O’Brien Banknote Guide: The Kilkenny Bank / Loughnan’s Bank 1800-1820


Introduction:

Loughnan’s Bank was first registered on 23rd September 1800, by Connel Loughnan and John Helsham, who became Lord Mayor of Kilkenny in 1804. It opened shortly after the Williams & Finn Bank established itself in Kilkenny City. John Helsham was the fourth member of his family to become Lord Mayor of Kikenny, following

  • 1679 Arthur Helsham (who died during his tenure)
  • 1692 and 1693 Joshua Helsham
  • 1725 and 1739 Arthur Helsham

According to Stamp Duty returns records of 1803, Loughnan’s Bank had 1,000 notes under Three Guineas and 1,000 notes under Ten Pounds.

Type 1: Kilkenny Bank (Connel Loughnan and John Helsham)

Banknote denominations included:

  • ?

Type 2: Kilkenny Bank (Michael Brennan and James Loughnan)

In 1813, they were replaced by Michael Brennan and James Loughnan. When Brennan retired in 1816, Loughnan remained as sole director until it closed in 1820.

Banknote denominations included:

  • ?

Type 3: Kilkenny Bank (James Loughnan)

A small private bank with only one director might seem a bit risky, given the track record of small banks towards the close of the 18th C but James Loughnan pressed on and seemed to do well in the short term.

1819 The Kilkenny Bank. One pound & ten shillings, dated 8th October 1819, signed by James Loughnan

The Kilkenny Bank. One pound & ten shillings, 8th October 1819, signed by James Loughnan

Banknote denominations included:

The Napoleonic Wars ended in 1815 and there was a brief period of economic boom. The first shock came to the linen industry in England later on in 1815 but that did not adversely affect Kilkenny.

The Corn Laws of 1815 did affect Ireland – as the English Parliament imposed a tariff on foreign grain in an effort to protect English grain producers (agricultural landowners). This resulted in an agricultural depression in Ireland and Scotland that did not end until 1822. A depression in the wool industry in 1820 worsened problems for Irish agriculture.

In common with many small private banks at that time, Loughnan’s bank found itself in financial difficulties and, despite support from the Earl of Dysart, the bank failed in 1820 when a group of creditors petitioned to ‘wind up’ the bank.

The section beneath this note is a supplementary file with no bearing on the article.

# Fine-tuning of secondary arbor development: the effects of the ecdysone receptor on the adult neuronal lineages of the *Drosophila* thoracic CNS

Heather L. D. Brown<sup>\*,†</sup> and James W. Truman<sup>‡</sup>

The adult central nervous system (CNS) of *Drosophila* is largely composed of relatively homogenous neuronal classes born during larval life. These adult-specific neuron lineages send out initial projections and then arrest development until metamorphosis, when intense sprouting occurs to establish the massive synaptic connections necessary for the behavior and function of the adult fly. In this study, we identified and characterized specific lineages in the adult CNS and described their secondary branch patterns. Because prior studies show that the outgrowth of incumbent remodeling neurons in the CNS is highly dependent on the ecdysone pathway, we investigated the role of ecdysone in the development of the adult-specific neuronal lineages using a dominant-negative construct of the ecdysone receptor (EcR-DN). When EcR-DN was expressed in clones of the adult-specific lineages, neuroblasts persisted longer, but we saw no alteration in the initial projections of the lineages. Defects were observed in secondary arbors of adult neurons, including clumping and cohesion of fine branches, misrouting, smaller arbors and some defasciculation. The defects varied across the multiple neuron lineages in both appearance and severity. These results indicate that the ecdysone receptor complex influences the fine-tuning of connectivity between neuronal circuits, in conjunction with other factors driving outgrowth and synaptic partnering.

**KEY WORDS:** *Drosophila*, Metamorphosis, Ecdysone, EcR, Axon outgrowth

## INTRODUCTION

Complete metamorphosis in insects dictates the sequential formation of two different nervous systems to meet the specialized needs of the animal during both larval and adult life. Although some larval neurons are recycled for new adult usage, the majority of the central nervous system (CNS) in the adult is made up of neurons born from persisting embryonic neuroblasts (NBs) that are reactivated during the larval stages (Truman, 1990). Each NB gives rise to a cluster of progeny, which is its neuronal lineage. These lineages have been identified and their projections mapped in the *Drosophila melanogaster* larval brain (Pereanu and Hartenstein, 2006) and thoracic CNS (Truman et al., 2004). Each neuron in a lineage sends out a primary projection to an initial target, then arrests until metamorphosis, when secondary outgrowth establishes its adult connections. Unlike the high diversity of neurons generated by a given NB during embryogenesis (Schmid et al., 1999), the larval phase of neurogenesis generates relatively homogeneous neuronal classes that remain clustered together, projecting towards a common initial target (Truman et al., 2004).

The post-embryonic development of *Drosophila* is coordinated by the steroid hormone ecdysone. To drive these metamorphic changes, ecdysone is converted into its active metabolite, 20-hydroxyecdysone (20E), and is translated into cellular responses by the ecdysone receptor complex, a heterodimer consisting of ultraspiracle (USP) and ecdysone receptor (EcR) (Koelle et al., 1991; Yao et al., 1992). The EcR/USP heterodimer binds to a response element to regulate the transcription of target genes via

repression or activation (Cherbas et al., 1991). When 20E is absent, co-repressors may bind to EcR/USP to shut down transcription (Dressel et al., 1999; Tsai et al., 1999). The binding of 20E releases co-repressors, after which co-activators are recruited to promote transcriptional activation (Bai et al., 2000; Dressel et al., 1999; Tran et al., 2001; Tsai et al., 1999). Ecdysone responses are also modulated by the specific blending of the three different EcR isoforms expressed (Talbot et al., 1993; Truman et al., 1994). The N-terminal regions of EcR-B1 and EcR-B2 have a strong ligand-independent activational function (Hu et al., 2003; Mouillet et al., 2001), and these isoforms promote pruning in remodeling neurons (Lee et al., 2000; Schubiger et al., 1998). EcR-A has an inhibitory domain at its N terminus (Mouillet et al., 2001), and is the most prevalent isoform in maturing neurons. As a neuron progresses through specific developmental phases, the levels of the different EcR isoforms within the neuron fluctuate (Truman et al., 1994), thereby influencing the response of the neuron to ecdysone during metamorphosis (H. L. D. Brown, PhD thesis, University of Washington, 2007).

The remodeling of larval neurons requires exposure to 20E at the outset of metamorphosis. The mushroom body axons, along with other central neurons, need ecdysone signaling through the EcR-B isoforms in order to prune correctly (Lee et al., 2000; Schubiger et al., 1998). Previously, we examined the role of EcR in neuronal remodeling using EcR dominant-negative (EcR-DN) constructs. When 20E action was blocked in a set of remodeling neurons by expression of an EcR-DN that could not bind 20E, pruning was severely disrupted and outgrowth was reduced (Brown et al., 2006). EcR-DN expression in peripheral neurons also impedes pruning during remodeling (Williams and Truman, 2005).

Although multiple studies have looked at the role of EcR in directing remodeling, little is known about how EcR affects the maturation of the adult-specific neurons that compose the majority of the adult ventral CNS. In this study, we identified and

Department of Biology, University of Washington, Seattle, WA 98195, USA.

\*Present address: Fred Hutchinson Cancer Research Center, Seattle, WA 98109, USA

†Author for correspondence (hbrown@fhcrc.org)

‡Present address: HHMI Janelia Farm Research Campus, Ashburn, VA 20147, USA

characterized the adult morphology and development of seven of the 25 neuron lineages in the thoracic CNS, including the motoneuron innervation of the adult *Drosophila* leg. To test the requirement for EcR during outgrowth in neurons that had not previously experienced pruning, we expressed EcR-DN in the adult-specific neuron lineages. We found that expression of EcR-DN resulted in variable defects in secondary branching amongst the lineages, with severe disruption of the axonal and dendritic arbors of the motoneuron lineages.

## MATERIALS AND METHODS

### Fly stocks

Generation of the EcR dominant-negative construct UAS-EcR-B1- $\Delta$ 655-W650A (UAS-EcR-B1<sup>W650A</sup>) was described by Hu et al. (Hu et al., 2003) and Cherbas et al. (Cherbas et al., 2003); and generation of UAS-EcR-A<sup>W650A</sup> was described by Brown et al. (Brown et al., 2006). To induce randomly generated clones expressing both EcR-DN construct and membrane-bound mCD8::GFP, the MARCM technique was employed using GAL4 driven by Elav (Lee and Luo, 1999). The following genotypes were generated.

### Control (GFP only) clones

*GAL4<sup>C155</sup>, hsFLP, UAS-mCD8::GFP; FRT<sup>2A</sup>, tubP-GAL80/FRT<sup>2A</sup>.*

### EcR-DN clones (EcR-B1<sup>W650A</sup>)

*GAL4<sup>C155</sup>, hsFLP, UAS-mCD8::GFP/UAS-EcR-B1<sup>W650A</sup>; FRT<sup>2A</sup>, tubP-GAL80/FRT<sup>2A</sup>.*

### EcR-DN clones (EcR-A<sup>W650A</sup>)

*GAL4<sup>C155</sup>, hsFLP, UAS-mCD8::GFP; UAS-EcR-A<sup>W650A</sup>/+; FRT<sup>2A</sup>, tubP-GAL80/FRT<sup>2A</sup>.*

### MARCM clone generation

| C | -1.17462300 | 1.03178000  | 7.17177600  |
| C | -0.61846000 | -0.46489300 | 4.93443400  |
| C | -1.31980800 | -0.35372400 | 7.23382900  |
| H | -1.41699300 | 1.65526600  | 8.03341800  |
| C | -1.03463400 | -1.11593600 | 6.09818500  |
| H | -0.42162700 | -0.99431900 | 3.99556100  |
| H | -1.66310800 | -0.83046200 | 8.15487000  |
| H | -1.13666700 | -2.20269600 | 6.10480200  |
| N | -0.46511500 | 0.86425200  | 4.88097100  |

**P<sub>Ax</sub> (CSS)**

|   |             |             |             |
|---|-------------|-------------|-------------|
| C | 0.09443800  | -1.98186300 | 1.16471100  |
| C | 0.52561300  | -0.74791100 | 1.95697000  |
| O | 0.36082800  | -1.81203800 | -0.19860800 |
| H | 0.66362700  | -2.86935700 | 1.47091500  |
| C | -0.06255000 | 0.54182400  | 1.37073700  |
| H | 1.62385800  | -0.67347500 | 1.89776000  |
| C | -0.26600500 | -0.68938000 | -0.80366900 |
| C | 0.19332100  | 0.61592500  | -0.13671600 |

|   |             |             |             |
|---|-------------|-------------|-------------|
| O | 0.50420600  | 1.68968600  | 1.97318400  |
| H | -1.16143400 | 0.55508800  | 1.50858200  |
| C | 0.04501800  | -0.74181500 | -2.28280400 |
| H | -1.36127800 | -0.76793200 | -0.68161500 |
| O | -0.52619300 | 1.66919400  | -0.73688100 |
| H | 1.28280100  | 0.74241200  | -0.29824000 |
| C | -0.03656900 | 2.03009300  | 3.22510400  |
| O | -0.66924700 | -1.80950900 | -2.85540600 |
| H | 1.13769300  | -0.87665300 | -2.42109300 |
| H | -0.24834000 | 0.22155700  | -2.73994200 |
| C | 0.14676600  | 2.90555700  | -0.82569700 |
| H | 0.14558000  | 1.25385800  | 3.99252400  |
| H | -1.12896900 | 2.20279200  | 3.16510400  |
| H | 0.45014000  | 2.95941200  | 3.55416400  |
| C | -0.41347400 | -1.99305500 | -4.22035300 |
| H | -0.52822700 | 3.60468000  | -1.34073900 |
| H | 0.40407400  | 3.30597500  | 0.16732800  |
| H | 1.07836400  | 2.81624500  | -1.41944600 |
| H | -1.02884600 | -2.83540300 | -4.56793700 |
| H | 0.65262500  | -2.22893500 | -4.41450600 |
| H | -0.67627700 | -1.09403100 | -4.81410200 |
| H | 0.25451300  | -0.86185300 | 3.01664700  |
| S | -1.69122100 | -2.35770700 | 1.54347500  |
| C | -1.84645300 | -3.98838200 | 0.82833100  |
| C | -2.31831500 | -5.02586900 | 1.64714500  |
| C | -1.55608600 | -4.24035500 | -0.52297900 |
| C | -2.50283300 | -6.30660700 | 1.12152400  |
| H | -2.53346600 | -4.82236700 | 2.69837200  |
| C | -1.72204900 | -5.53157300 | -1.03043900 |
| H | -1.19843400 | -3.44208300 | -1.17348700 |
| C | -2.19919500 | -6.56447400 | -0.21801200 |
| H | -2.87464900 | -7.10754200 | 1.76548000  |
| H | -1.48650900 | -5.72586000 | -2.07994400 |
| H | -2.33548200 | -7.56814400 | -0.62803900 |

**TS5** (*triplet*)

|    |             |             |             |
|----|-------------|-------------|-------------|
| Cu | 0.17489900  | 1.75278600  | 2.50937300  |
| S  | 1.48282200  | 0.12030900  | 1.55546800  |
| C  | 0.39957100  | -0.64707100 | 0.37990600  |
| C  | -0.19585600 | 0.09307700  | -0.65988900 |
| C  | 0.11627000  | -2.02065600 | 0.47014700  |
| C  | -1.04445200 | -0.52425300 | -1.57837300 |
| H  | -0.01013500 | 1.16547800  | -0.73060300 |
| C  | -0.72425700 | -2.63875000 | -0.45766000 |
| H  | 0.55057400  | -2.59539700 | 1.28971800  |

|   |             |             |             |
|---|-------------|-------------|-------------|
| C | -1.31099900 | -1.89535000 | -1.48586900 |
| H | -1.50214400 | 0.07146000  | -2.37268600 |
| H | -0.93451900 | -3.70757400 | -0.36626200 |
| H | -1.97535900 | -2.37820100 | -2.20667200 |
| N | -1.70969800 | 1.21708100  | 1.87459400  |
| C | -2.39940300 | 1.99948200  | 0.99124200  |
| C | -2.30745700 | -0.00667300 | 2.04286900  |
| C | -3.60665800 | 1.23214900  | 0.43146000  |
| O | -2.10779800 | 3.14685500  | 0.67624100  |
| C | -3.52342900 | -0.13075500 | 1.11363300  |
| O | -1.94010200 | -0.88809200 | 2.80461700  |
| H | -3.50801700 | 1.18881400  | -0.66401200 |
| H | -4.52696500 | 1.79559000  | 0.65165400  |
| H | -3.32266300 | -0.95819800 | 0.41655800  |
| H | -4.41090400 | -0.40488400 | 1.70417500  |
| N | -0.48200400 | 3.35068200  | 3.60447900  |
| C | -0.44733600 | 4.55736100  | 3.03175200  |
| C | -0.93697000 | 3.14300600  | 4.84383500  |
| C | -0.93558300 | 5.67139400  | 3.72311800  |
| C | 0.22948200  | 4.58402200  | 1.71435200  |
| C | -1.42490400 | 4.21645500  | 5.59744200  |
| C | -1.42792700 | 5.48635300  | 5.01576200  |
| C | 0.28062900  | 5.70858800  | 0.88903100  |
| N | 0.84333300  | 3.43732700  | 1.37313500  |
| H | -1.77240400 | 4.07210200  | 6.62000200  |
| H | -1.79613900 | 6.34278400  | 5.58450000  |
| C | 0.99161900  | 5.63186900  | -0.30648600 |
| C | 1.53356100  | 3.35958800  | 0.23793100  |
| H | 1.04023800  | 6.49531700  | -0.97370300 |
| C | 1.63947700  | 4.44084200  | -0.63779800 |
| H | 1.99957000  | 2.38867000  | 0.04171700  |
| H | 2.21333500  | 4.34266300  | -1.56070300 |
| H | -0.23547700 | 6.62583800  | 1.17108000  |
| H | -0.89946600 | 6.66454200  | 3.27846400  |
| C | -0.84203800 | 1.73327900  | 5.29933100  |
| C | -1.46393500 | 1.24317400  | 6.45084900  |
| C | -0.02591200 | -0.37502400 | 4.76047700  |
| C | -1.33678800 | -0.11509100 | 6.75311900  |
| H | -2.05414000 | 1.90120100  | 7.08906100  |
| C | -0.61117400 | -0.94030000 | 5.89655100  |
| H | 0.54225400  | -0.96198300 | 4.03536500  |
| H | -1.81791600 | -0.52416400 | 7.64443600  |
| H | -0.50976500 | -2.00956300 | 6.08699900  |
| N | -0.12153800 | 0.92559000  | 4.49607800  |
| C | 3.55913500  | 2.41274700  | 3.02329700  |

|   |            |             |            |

The solution to Loughnan’s difficulties seemed quite amicable insofar as the Committee appointed to administer the financial affairs of James Loughnan stated:

“…by economical and judicious management his effects may may ultimately be equal to meet his engagements.”

The Earl of Dysart certainly helped the creditors situation by announcing that he would continue to accept Loughnan’s paper notes as rent. When the bank’s statement was made public, it was found that Loughnan’s total liabilities totaled £63,600, of which £25,800 were on notes outstanding. Against this lay assets to the value of £

  • Bank assets @ £24,000
  • Loughnan’s property @ £28,200
    • A shortfall of £11,400
    • The Committee estimated a payout of 10s to the Pound

 

Loughnan’s Bankruptcy:

The aftermath, however, proved to be less amicable than originally perceived. The creditors were anxious to avoid the delays (and the inevitable high costs) of formal bankruptcy proceedings and they voted to ‘wind up’ the bank. They were, however, too late, as one creditor had already applied to the Courts for a bankruptcy and, despite their pleas, the Lord Chancellor refused to supercede it.

  • Formal proceedings lasted until 1822 and, after costs were taken into account, creditors were awarded 7s & 6d in the pound.
  • By 1834, some creditors had still not been paid
  • Proceedings ‘dragged on’ until 1842

Small wonder the creditors wanted to avoid ‘the Courts’ back in 1820!

 

Bibliography:

Barrow, Lennox, Old Kilkenny Review, No. 24, pp. 36-40 (1971): Kilkenny private banks: Loughnan’s + Williams and Finn

Mansfield, Brocard M., Old Kilkenny Review, N.S. Vol 2 No 4, pp. 319-327 (1982): The Helshams of Kilkenny

Tenison, C.M., Old Kilkenny Review, No. 7, p. 54 (1954): Loughnan’s Bank, Kilkenny 1800-20 – Connell Loughnan & John Helsham

Young, Derek, Irish Numismatics, No. 56, pp. 47-48 (1977): The Private Banks & Their Notes – Loughnan’s Bank 1800-1820

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